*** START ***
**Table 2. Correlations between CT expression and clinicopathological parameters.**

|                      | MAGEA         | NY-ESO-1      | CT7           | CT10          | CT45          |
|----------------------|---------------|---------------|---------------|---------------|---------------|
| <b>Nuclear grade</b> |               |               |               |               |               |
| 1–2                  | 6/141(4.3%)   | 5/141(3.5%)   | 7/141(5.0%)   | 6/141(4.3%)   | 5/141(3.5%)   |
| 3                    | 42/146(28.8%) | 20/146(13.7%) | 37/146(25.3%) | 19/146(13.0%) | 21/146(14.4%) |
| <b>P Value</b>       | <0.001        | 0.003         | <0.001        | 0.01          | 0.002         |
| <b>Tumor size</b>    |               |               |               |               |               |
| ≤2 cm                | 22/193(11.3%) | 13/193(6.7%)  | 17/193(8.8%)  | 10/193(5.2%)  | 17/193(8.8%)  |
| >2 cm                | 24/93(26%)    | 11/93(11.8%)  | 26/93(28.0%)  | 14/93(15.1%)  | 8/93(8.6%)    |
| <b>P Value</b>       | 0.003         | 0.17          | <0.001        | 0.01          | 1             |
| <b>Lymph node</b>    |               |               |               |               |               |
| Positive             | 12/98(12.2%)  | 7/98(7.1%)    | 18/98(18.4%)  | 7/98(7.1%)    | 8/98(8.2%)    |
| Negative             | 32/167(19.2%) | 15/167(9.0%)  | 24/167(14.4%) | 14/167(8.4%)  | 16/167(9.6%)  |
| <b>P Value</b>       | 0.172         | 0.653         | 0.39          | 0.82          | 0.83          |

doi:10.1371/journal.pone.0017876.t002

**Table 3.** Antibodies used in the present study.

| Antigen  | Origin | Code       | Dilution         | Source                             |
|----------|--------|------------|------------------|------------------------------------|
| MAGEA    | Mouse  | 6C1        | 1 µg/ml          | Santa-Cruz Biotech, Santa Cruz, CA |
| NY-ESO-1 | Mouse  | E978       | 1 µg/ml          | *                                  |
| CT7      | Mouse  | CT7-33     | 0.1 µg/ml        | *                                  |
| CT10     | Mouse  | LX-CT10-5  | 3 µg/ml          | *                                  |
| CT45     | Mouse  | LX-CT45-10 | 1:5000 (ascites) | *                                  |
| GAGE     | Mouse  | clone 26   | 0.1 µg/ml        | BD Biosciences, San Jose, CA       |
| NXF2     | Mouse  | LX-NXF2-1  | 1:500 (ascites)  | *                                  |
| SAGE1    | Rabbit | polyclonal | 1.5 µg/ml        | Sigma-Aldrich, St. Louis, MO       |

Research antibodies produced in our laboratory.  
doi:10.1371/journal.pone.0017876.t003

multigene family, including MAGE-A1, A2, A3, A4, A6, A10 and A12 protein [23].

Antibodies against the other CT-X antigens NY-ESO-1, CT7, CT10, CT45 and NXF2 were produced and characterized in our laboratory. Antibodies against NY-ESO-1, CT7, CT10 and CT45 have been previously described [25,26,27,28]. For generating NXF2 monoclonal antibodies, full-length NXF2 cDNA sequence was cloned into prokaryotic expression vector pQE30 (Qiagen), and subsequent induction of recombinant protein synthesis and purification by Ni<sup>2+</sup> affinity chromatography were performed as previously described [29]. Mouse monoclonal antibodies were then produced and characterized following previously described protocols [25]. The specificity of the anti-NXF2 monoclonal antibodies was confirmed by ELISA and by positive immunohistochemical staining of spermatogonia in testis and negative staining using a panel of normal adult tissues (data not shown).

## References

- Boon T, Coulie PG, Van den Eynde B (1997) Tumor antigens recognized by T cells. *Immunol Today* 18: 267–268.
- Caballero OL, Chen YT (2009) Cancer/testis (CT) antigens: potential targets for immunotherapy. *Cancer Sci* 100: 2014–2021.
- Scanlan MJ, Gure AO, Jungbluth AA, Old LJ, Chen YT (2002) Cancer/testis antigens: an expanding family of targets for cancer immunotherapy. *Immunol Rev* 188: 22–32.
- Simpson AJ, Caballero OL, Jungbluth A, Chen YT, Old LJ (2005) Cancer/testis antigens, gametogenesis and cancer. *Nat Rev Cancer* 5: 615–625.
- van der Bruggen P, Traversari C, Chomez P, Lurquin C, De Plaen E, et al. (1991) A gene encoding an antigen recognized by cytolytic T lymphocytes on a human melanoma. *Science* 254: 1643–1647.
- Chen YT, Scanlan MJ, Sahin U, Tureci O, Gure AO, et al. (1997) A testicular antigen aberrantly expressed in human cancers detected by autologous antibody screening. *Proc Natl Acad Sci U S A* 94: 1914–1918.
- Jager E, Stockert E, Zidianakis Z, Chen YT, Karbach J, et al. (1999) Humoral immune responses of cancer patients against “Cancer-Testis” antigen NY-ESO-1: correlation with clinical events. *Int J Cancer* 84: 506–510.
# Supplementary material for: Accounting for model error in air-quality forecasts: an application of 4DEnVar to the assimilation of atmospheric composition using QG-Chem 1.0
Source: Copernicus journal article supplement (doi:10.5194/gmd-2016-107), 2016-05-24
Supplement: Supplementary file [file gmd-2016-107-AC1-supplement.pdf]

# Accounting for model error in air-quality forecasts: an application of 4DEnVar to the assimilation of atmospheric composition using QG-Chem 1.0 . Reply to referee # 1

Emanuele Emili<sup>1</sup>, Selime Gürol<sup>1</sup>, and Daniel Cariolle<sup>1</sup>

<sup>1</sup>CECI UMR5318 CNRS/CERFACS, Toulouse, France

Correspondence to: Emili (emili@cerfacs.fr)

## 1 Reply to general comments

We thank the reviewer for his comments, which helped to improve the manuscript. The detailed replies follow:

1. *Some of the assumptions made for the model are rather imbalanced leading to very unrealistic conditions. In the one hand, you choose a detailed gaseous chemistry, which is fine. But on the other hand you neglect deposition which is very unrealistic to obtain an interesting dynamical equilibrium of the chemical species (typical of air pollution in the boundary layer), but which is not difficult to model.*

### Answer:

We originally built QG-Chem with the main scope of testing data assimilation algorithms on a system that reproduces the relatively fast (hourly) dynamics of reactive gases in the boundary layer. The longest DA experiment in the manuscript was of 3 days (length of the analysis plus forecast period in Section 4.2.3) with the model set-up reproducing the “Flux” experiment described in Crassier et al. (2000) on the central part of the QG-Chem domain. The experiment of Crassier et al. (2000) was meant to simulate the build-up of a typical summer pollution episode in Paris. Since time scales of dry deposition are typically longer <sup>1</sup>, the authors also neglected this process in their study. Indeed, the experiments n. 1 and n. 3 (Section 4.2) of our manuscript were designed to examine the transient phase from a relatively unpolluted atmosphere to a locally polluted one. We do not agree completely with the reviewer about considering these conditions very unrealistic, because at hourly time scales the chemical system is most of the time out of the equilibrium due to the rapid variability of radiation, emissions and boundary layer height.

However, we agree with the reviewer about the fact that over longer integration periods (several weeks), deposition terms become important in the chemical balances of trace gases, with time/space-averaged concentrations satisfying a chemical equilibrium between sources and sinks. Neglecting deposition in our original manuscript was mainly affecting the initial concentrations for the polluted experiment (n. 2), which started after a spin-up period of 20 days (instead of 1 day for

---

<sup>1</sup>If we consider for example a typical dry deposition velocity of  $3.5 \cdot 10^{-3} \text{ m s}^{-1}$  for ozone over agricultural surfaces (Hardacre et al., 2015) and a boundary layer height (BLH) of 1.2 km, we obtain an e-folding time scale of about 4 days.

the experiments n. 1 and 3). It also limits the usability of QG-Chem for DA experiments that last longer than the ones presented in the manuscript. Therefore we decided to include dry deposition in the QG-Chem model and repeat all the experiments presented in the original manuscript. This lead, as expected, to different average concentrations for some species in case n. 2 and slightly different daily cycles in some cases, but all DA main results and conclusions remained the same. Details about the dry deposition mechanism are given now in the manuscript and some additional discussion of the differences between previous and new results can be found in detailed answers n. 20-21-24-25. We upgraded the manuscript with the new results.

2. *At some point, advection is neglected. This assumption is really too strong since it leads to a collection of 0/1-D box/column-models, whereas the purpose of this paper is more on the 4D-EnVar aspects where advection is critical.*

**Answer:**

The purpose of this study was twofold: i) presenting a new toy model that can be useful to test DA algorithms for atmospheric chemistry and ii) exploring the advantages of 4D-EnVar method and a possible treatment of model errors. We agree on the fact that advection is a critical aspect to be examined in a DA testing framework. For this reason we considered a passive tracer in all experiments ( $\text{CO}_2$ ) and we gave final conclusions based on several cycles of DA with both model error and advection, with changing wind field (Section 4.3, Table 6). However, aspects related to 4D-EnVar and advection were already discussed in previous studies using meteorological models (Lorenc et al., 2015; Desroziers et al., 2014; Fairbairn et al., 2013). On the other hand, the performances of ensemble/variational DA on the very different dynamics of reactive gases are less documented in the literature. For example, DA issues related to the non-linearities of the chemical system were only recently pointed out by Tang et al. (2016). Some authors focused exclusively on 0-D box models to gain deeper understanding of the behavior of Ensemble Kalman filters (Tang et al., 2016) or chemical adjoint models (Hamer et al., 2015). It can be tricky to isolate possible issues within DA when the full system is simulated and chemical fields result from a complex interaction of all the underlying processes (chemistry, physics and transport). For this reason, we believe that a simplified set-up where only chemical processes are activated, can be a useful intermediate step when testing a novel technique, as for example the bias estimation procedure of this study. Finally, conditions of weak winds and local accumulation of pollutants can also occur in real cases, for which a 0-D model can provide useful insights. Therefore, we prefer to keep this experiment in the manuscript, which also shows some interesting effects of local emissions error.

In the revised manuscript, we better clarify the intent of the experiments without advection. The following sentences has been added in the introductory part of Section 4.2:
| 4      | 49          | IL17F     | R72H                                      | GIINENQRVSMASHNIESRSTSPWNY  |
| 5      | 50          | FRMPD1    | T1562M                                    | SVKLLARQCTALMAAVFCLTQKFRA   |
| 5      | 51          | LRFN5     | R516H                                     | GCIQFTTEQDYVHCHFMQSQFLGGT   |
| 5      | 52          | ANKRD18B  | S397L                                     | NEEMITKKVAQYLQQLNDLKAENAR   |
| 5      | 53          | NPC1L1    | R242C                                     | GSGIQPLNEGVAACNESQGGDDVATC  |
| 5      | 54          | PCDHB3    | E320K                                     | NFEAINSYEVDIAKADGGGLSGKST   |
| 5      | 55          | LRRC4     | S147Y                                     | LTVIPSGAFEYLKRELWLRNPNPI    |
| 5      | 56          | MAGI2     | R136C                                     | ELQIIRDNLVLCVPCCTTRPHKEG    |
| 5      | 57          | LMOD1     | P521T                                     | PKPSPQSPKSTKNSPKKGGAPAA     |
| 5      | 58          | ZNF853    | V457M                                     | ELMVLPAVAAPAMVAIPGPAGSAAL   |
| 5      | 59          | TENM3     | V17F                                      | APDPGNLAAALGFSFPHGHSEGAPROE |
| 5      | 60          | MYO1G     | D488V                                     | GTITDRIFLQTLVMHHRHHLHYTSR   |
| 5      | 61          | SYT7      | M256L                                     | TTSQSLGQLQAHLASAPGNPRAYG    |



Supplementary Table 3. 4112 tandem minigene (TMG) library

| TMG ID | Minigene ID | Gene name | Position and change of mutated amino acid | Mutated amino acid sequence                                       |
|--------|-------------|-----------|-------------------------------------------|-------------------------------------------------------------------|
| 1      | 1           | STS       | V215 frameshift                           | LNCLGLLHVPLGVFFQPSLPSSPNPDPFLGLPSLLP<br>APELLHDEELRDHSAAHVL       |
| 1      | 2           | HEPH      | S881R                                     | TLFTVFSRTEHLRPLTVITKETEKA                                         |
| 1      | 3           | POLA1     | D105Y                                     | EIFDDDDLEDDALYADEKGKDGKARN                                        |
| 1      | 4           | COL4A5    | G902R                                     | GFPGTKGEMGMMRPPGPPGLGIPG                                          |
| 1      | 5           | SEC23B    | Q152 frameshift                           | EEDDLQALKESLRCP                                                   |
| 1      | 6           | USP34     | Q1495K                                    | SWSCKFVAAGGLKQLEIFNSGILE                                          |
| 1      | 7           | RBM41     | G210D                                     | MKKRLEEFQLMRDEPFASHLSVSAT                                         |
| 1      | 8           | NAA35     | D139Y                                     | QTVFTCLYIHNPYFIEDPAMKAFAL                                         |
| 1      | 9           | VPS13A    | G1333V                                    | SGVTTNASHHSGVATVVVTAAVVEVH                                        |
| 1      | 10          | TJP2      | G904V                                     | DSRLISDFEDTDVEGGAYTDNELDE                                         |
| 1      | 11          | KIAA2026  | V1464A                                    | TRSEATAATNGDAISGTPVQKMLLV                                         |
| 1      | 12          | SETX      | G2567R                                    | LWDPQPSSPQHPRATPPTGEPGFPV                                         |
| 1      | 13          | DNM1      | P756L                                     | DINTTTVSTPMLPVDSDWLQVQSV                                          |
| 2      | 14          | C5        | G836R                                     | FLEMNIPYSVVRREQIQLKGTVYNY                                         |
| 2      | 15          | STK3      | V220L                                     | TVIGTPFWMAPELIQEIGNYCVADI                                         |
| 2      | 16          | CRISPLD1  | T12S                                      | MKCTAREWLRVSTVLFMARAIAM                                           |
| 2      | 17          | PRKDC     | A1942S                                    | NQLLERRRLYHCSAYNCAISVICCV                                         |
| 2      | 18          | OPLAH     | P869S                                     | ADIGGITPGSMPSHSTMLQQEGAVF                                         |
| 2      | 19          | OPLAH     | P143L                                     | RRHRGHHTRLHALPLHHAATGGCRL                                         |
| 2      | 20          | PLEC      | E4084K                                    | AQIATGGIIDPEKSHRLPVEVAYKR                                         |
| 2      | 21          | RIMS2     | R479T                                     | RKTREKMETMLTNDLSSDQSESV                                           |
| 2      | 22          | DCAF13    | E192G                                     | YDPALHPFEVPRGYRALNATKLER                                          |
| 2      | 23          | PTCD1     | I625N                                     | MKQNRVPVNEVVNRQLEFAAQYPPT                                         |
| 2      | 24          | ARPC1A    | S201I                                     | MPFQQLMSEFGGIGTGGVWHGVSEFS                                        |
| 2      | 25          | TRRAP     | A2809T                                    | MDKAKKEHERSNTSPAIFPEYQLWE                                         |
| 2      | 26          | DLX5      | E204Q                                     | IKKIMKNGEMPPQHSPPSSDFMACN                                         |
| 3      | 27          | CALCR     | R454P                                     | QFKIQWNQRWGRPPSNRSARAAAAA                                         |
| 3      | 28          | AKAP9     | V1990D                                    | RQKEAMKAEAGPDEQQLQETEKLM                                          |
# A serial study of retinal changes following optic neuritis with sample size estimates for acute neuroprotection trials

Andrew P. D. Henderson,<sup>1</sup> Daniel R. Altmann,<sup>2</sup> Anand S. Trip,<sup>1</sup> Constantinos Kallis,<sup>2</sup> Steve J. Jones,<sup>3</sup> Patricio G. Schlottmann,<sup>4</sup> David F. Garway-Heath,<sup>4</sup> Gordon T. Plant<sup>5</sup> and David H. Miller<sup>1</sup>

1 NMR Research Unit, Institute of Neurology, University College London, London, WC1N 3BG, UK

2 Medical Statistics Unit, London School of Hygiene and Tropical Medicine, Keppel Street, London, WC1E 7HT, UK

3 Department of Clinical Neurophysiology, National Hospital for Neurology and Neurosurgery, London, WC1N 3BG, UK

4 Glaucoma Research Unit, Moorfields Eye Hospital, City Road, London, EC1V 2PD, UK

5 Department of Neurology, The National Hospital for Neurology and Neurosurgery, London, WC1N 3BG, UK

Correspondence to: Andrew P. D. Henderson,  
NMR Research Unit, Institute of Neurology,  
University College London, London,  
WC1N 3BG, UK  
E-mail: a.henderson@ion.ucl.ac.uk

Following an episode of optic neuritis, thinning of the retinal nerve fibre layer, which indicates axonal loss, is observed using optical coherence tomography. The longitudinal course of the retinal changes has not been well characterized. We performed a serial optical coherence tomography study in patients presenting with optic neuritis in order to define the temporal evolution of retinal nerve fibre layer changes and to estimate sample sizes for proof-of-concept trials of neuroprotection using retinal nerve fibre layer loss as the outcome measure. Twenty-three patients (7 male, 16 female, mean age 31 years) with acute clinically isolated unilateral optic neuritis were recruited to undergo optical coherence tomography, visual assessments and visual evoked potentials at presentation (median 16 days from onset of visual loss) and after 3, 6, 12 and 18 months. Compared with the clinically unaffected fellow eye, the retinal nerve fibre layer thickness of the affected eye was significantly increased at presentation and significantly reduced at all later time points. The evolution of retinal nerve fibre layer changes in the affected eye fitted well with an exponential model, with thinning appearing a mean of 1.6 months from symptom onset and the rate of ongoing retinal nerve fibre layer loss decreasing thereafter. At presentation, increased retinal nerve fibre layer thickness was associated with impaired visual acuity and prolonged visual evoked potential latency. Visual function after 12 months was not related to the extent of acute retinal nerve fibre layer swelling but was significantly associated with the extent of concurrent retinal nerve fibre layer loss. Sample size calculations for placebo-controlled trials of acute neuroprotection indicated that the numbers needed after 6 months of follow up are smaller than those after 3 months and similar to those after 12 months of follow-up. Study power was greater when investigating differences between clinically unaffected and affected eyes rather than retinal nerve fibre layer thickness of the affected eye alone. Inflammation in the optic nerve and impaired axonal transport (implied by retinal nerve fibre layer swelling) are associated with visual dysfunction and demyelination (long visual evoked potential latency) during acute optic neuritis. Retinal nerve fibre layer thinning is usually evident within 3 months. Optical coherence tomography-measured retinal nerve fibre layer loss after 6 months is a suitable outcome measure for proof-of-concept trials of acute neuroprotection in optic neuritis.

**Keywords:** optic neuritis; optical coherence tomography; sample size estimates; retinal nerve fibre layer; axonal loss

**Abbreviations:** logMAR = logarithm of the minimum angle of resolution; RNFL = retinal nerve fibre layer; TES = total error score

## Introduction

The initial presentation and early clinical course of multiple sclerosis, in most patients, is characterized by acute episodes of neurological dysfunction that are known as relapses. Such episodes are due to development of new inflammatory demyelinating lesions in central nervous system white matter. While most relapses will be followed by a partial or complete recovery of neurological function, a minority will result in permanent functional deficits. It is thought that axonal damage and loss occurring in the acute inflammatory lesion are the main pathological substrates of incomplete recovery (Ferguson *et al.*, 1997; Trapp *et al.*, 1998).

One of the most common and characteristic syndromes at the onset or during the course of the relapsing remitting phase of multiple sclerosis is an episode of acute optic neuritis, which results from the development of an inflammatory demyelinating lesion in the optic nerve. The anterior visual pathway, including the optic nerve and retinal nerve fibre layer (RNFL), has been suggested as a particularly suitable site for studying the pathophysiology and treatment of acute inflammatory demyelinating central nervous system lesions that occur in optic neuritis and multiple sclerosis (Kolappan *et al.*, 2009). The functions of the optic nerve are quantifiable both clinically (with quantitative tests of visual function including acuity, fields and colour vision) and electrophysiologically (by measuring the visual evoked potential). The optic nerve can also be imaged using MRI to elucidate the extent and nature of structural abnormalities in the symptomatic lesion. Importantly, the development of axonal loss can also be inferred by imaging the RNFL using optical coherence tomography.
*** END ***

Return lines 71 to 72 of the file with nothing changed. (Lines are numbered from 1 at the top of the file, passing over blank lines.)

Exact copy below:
| 5      | 60          | MYO1G     | D488V                                     | GTITDRIFLQTLVMHHRHHLHYTSR   |
| 5      | 61          | SYT7      | M256L                                     | TTSQSLGQLQAHLASAPGNPRAYG    |